I wrote this some time ago, but only published it to Dance Enthusiast. In an effort to keep everything in one place, here it is too many months later. The more recent CURRENT SESSIONS review is in the following post.
THE CURRENT SESSIONS: Sunday July 15th, 7:30 pm
Andrea Miller, choreographer and Artistic Director of the well-known contemporary dance company Gallim Dance was in the audience during Sunday night’s The CURRENT SESSIONS. Even though Miller was most likely there to support dancers and co-workers who were featured throughout the night, it was not hard to imagine that some of the dancers were using this performance as an informal audition for Gallim, which has its first female audition in three years soon (dancers, go ahead and search on dancenyc now, just finish reading this when you’re done).
In line with Gallim’s penchant for the physically improbable, many dances presented in The CURRENT SESSIONS were comfortable playing with extremes. The use of the instep as a viable support for body weight. The thighs splayed wide in fourth position, teasing the floor with the crotch. This is pure Gallim. Or, Gallim reflects a contemporary dance scene that is rapidly turning the new into the normal. But in spite of a sometimes-similar movement vocabulary, The CURRENT SESSIONS’ Sunday night performance (one of three separate compilations of choreographers that weekend) at The Wild Project was a showcase of “today’s best emerging contemporary choreographers.” One could feel their deep desire to differentiate themselves from their peers through different, bold choices.
One Side of the Story opens the show with a pawing, licking grace. It is sensual like a sleek cat is sensual, stretching nonchalantly then darting across the floor. The five female dancers performing for Yin Yue Dance (including Yin Yue) are alternately cool, relaxed and then in a moment they are muscular and taut. This is the most choreographed piece of the night, with clean unison displaying well-rehearsed movement.
Although still well rehearsed, the other pieces rely more on the dancers to create a sense of union within the choreography. Circumstantial Amy, choreographed by Brendan Duggan, transitions between sections with undirected stumbling. The dancers have to navigate around one another in the moment. The stumbling (which sometimes progresses into tripping…oops) seems vague and somewhat arbitrary. When there is specific movement to work with – a bird-like flapping, a simple phrase— the dancers are finally able to respond to one another with intention.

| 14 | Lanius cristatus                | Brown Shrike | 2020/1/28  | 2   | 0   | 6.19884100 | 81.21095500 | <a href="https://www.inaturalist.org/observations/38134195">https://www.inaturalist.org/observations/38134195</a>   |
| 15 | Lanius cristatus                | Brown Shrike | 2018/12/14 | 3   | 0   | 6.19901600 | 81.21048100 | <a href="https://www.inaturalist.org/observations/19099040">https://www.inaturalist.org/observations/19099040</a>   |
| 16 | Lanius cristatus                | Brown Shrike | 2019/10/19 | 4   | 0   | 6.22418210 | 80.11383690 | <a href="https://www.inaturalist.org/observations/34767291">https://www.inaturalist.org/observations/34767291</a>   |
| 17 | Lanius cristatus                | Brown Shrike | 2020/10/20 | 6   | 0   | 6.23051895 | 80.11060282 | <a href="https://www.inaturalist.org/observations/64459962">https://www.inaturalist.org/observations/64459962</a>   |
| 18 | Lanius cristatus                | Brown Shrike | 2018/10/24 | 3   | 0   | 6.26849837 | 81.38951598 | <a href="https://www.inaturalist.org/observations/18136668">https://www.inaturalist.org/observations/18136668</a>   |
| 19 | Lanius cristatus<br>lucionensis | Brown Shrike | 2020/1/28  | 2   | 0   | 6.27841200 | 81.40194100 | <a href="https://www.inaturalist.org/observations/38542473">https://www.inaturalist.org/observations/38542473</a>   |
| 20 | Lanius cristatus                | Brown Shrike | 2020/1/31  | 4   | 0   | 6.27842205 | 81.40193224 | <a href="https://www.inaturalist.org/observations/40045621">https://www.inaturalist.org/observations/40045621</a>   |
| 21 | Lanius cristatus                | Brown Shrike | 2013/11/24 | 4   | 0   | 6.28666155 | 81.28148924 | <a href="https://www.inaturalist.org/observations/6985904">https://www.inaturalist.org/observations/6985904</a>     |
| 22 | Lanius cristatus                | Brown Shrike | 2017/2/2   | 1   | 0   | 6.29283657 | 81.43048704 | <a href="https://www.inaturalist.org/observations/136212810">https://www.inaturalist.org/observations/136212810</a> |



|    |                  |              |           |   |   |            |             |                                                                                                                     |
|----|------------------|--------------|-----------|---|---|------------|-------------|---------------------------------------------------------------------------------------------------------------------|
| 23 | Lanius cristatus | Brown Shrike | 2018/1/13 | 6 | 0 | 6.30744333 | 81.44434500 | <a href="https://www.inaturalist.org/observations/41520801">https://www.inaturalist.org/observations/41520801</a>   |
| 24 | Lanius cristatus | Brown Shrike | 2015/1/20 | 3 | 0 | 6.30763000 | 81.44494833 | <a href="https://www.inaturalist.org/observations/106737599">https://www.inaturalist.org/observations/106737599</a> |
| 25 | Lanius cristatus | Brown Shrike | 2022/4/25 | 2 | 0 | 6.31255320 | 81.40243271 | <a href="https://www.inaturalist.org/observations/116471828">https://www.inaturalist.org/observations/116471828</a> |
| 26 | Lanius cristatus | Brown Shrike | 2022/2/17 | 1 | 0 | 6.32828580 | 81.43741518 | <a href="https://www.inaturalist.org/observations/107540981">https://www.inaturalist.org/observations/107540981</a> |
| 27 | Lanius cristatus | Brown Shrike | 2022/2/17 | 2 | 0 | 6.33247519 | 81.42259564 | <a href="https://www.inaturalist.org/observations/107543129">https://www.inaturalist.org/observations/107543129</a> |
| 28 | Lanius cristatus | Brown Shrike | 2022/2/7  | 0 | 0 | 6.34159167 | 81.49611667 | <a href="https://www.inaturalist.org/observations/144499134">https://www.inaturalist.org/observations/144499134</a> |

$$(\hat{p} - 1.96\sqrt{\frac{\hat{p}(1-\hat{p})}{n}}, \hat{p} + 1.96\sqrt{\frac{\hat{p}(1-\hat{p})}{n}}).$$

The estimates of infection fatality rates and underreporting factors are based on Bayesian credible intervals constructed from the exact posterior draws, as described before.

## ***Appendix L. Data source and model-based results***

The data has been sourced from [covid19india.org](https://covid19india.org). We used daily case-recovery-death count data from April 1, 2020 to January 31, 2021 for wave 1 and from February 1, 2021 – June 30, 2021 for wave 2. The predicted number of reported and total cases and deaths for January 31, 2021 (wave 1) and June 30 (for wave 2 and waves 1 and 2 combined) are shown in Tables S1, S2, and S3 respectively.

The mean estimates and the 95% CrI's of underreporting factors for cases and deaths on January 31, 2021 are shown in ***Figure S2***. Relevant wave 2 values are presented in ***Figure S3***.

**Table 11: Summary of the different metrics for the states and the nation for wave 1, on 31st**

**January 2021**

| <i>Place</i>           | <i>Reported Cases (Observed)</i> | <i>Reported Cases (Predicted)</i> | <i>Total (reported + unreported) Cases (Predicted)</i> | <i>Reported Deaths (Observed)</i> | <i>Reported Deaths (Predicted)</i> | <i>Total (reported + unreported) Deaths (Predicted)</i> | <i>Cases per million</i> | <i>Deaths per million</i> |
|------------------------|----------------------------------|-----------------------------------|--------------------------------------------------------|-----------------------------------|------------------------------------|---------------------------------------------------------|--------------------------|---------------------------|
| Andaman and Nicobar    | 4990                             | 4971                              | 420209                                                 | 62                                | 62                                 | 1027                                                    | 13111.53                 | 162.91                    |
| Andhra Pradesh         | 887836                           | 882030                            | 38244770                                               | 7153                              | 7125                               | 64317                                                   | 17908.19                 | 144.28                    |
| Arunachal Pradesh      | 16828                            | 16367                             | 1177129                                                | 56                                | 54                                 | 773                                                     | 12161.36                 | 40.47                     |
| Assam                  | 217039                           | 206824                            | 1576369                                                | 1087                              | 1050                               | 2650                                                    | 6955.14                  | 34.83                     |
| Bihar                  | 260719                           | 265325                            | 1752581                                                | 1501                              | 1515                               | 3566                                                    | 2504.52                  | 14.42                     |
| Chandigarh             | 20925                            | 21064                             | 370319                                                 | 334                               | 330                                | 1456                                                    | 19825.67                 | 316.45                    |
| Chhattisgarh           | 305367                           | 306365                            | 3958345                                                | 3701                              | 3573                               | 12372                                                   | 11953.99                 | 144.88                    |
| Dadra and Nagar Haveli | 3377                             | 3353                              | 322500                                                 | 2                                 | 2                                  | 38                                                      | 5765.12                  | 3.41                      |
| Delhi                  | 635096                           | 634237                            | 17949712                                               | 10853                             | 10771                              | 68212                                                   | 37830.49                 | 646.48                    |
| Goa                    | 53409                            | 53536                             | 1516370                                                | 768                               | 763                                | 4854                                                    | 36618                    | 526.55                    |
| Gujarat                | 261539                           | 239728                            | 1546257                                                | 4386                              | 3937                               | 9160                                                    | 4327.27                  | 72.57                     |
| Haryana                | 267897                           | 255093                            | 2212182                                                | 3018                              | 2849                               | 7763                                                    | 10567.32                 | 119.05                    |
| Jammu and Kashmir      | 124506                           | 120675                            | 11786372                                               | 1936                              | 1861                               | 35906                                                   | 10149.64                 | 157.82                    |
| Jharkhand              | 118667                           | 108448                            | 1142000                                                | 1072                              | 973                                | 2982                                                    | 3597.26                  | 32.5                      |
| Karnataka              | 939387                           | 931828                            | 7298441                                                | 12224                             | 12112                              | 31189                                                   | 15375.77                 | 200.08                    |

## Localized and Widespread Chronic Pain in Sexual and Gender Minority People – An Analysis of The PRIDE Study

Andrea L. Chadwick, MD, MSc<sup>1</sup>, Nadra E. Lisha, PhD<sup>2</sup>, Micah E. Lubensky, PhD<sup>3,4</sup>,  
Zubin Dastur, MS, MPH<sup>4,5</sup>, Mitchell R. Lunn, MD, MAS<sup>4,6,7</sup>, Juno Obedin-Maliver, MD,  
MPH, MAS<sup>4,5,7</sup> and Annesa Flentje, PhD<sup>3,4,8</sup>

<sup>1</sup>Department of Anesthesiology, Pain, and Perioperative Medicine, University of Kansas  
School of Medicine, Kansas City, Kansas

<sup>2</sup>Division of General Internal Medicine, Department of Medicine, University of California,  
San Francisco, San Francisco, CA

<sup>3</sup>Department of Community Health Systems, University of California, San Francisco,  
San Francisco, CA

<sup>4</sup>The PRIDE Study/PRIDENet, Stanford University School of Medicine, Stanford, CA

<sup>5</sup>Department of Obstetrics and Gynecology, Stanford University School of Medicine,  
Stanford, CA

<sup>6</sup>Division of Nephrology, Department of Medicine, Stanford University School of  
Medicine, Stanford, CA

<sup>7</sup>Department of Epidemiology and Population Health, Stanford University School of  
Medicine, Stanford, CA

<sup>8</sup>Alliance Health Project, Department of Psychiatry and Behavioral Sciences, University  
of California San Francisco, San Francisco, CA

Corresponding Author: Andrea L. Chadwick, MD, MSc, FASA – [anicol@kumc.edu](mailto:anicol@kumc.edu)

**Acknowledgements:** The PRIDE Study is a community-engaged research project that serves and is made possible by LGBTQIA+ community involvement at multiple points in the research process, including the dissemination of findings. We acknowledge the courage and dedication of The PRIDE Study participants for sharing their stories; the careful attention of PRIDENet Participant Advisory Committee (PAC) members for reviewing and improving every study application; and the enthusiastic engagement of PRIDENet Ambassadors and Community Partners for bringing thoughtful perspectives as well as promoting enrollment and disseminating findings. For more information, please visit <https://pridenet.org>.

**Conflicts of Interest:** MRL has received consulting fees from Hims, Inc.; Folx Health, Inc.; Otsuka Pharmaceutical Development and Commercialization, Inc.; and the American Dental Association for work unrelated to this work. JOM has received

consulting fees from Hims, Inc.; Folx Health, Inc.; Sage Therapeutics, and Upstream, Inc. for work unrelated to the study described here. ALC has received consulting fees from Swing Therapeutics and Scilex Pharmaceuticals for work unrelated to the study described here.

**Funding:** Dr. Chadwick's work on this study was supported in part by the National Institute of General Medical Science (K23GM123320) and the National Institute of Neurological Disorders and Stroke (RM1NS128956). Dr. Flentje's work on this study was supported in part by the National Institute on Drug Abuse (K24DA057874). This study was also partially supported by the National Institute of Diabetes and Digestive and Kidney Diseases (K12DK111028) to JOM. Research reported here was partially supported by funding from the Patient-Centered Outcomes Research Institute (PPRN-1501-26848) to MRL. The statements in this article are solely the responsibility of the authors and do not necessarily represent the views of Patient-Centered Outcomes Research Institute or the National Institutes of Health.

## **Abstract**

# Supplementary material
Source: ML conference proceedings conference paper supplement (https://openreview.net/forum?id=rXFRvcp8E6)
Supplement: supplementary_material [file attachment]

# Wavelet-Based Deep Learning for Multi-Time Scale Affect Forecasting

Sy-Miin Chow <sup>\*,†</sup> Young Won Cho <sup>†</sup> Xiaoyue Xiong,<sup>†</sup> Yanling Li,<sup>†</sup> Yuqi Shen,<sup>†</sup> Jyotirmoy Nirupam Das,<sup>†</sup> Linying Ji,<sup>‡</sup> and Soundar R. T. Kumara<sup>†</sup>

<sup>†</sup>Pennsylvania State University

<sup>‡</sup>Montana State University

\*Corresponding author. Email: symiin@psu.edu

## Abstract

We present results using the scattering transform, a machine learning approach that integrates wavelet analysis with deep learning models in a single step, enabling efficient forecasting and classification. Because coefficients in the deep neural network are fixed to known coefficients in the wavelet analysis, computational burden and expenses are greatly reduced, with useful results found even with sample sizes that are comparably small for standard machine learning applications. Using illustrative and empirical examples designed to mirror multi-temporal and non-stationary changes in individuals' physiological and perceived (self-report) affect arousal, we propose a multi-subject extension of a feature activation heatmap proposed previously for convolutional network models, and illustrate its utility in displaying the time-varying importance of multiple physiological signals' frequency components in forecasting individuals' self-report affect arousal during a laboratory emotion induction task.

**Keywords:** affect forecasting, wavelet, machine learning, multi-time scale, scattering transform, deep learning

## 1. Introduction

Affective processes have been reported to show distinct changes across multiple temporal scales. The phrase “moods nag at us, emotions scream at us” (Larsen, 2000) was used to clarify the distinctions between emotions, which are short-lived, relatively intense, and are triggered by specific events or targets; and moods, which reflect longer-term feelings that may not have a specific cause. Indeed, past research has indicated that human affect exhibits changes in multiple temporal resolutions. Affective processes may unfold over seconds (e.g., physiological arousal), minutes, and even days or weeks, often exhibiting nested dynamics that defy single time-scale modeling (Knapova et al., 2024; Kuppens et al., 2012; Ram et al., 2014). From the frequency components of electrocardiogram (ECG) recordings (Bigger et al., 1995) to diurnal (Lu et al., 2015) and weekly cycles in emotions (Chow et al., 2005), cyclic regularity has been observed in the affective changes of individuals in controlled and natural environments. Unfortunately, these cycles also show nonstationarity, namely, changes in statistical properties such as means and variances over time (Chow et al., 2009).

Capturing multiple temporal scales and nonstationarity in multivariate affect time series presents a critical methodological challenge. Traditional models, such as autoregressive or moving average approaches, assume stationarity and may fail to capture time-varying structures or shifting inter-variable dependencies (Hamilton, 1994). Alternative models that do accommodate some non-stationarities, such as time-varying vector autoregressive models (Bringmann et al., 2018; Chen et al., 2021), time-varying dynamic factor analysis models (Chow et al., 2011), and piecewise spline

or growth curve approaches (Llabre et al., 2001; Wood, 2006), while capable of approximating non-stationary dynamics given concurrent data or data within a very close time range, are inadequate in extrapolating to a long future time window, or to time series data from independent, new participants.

Jonathan Royse Windham’s Two duets, some awkward moments, a long silence and a slow dance doesn’t even try to transition through the choreography: it stops the music and starts again. The playful structure of the piece, complete with hilarious, adolescent performances by decidedly mature performers, thrives when the eight dancers’ animated personalities react to external events according to their distinct characters. The overblown characters necessitate confident performers and Francesca Romo (with her silly side sneer) and the seven other dancers are satisfying to watch.
SHAPESHIFT, choreographed by Betheny Merola, uses two bodies as propellers. The dark-haired duo is a forceful instigator of coolly understated movement that often works its way towards a lift or roll. Mallory Rosenthal’s duet, As Our Buttons Are Cast in Bone needs less force and more space. The dance is a rippling extenuation of the two dancers’ first moment onstage and if it is the simplest piece, it is also the most kinesthetically conscious one in the show. Performers Emily Terndrup and TJ Spaur, with their slightly rounded, thinking bodies, are self-aware to the point of excluding all else. The best and often repeated moment is when Terndrup opens her arms and her collarbone finally seeks something above. Even though it lasts only for a second, it seems forever that she dangles, her weight seeping off of suspended bones.
The seconds of beauty last longer in The Wild Project’s intimate theater than they might have in a larger venue. For this group of emerging choreographers, close up is good. It lets you see the beauty of dance that often comes in the form of distorted extremes. But they are distortions that are enticing and interesting and to watch. The physical courage of the dancers makes it clear that beauty is brave and uncontrollable and sometimes a little bit dirty.
Also included in this performance: Discontinue: Part II choreographed by Sarah Mettin/ Mettin Movement Collective and Lonely Woman choreographed by Theodora Boguszewski.